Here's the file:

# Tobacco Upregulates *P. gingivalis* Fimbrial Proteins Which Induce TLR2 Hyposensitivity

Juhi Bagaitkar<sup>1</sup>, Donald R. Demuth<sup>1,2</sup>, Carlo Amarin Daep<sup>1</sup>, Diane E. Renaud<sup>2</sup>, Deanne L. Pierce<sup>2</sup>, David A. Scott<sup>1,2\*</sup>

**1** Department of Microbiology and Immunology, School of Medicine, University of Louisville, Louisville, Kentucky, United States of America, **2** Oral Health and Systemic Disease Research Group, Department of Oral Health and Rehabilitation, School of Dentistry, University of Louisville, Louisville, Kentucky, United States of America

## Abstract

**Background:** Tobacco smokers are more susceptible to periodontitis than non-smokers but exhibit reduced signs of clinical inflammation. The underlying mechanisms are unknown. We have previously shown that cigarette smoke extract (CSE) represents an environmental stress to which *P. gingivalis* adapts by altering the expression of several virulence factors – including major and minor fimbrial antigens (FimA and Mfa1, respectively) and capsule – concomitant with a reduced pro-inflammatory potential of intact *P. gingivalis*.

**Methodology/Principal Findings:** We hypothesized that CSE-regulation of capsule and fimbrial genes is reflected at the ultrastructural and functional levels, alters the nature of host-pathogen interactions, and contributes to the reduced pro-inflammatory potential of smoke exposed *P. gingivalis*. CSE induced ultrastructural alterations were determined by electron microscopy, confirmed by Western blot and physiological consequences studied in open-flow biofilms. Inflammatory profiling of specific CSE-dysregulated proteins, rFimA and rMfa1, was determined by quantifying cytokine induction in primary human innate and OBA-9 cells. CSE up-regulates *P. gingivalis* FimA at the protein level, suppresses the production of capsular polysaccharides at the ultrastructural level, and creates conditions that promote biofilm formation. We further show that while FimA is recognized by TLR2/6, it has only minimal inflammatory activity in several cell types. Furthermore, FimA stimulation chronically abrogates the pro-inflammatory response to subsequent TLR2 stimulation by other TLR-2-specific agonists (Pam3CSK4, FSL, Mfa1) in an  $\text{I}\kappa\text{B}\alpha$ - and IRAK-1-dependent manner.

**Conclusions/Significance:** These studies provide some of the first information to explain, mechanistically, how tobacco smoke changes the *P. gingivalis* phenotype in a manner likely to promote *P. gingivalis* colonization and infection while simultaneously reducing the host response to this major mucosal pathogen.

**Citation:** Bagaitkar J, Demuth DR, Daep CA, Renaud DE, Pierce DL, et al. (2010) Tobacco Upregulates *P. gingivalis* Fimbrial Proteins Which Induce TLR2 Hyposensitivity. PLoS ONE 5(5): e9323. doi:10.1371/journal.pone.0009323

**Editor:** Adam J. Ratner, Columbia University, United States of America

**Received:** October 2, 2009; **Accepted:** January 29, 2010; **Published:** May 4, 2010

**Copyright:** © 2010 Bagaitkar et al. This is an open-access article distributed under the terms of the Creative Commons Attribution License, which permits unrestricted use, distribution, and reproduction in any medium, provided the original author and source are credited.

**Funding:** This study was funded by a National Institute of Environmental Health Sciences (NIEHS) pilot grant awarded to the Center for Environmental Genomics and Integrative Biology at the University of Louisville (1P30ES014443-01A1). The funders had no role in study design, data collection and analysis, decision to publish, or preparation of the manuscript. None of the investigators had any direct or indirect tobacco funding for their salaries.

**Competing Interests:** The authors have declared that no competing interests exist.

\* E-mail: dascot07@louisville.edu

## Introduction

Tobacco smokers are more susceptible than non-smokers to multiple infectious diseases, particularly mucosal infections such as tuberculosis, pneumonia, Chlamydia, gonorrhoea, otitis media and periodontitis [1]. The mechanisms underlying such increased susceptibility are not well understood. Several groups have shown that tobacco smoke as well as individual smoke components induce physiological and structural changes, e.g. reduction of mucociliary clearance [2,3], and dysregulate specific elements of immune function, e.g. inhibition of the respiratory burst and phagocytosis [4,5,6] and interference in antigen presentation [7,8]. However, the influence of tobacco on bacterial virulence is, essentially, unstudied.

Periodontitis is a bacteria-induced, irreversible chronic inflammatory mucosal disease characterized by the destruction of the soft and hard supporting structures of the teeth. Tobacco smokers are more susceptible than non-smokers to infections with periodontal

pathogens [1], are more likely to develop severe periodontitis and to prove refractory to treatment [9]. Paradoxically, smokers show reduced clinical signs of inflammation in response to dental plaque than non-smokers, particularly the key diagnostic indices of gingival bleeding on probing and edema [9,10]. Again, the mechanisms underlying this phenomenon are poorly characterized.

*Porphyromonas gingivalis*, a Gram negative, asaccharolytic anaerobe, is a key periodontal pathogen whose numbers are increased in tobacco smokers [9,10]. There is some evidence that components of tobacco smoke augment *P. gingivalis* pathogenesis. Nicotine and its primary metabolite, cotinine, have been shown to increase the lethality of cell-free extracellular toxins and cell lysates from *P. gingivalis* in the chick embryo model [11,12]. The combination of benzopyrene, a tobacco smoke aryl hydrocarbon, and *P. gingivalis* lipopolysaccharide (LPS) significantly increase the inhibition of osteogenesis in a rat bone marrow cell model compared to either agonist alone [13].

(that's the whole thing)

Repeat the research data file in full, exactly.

# Tobacco Upregulates *P. gingivalis* Fimbrial Proteins Which Induce TLR2 Hyposensitivity

Juhi Bagaitkar<sup>1</sup>, Donald R. Demuth<sup>1,2</sup>, Carlo Amarin Daep<sup>1</sup>, Diane E. Renaud<sup>2</sup>, Deanne L. Pierce<sup>2</sup>, David A. Scott<sup>1,2\*</sup>

**1** Department of Microbiology and Immunology, School of Medicine, University of Louisville, Louisville, Kentucky, United States of America, **2** Oral Health and Systemic Disease Research Group, Department of Oral Health and Rehabilitation, School of Dentistry, University of Louisville, Louisville, Kentucky, United States of America

## Abstract

**Background:** Tobacco smokers are more susceptible to periodontitis than non-smokers but exhibit reduced signs of clinical inflammation. The underlying mechanisms are unknown. We have previously shown that cigarette smoke extract (CSE) represents an environmental stress to which *P. gingivalis* adapts by altering the expression of several virulence factors – including major and minor fimbrial antigens (FimA and Mfa1, respectively) and capsule – concomitant with a reduced pro-inflammatory potential of intact *P. gingivalis*.

**Methodology/Principal Findings:** We hypothesized that CSE-regulation of capsule and fimbrial genes is reflected at the ultrastructural and functional levels, alters the nature of host-pathogen interactions, and contributes to the reduced pro-inflammatory potential of smoke exposed *P. gingivalis*. CSE induced ultrastructural alterations were determined by electron microscopy, confirmed by Western blot and physiological consequences studied in open-flow biofilms. Inflammatory profiling of specific CSE-dysregulated proteins, rFimA and rMfa1, was determined by quantifying cytokine induction in primary human innate and OBA-9 cells. CSE up-regulates *P. gingivalis* FimA at the protein level, suppresses the production of capsular polysaccharides at the ultrastructural level, and creates conditions that promote biofilm formation. We further show that while FimA is recognized by TLR2/6, it has only minimal inflammatory activity in several cell types. Furthermore, FimA stimulation chronically abrogates the pro-inflammatory response to subsequent TLR2 stimulation by other TLR-2-specific agonists (Pam3CSK4, FSL, Mfa1) in an  $\text{I}\kappa\text{B}\alpha$ - and IRAK-1-dependent manner.

**Conclusions/Significance:** These studies provide some of the first information to explain, mechanistically, how tobacco smoke changes the *P. gingivalis* phenotype in a manner likely to promote *P. gingivalis* colonization and infection while simultaneously reducing the host response to this major mucosal pathogen.

**Citation:** Bagaitkar J, Demuth DR, Daep CA, Renaud DE, Pierce DL, et al. (2010) Tobacco Upregulates *P. gingivalis* Fimbrial Proteins Which Induce TLR2 Hyposensitivity. PLoS ONE 5(5): e9323. doi:10.1371/journal.pone.0009323

**Editor:** Adam J. Ratner, Columbia University, United States of America

**Received:** October 2, 2009; **Accepted:** January 29, 2010; **Published:** May 4, 2010

**Copyright:** © 2010 Bagaitkar et al. This is an open-access article distributed under the terms of the Creative Commons Attribution License, which permits unrestricted use, distribution, and reproduction in any medium, provided the original author and source are credited.

**Funding:** This study was funded by a National Institute of Environmental Health Sciences (NIEHS) pilot grant awarded to the Center for Environmental Genomics and Integrative Biology at the University of Louisville (1P30ES014443-01A1). The funders had no role in study design, data collection and analysis, decision to publish, or preparation of the manuscript. None of the investigators had any direct or indirect tobacco funding for their salaries.

**Competing Interests:** The authors have declared that no competing interests exist.

\* E-mail: dascot07@louisville.edu

## Introduction

Tobacco smokers are more susceptible than non-smokers to multiple infectious diseases, particularly mucosal infections such as tuberculosis, pneumonia, Chlamydia, gonorrhoea, otitis media and periodontitis [1]. The mechanisms underlying such increased susceptibility are not well understood. Several groups have shown that tobacco smoke as well as individual smoke components induce physiological and structural changes, e.g. reduction of mucociliary clearance [2,3], and dysregulate specific elements of immune function, e.g. inhibition of the respiratory burst and phagocytosis [4,5,6] and interference in antigen presentation [7,8]. However, the influence of tobacco on bacterial virulence is, essentially, unstudied.

Periodontitis is a bacteria-induced, irreversible chronic inflammatory mucosal disease characterized by the destruction of the soft and hard supporting structures of the teeth. Tobacco smokers are more susceptible than non-smokers to infections with periodontal

pathogens [1], are more likely to develop severe periodontitis and to prove refractory to treatment [9]. Paradoxically, smokers show reduced clinical signs of inflammation in response to dental plaque than non-smokers, particularly the key diagnostic indices of gingival bleeding on probing and edema [9,10]. Again, the mechanisms underlying this phenomenon are poorly characterized.

*Porphyromonas gingivalis*, a Gram negative, asaccharolytic anaerobe, is a key periodontal pathogen whose numbers are increased in tobacco smokers [9,10]. There is some evidence that components of tobacco smoke augment *P. gingivalis* pathogenesis. Nicotine and its primary metabolite, cotinine, have been shown to increase the lethality of cell-free extracellular toxins and cell lysates from *P. gingivalis* in the chick embryo model [11,12]. The combination of benzopyrene, a tobacco smoke aryl hydrocarbon, and *P. gingivalis* lipopolysaccharide (LPS) significantly increase the inhibition of osteogenesis in a rat bone marrow cell model compared to either agonist alone [13].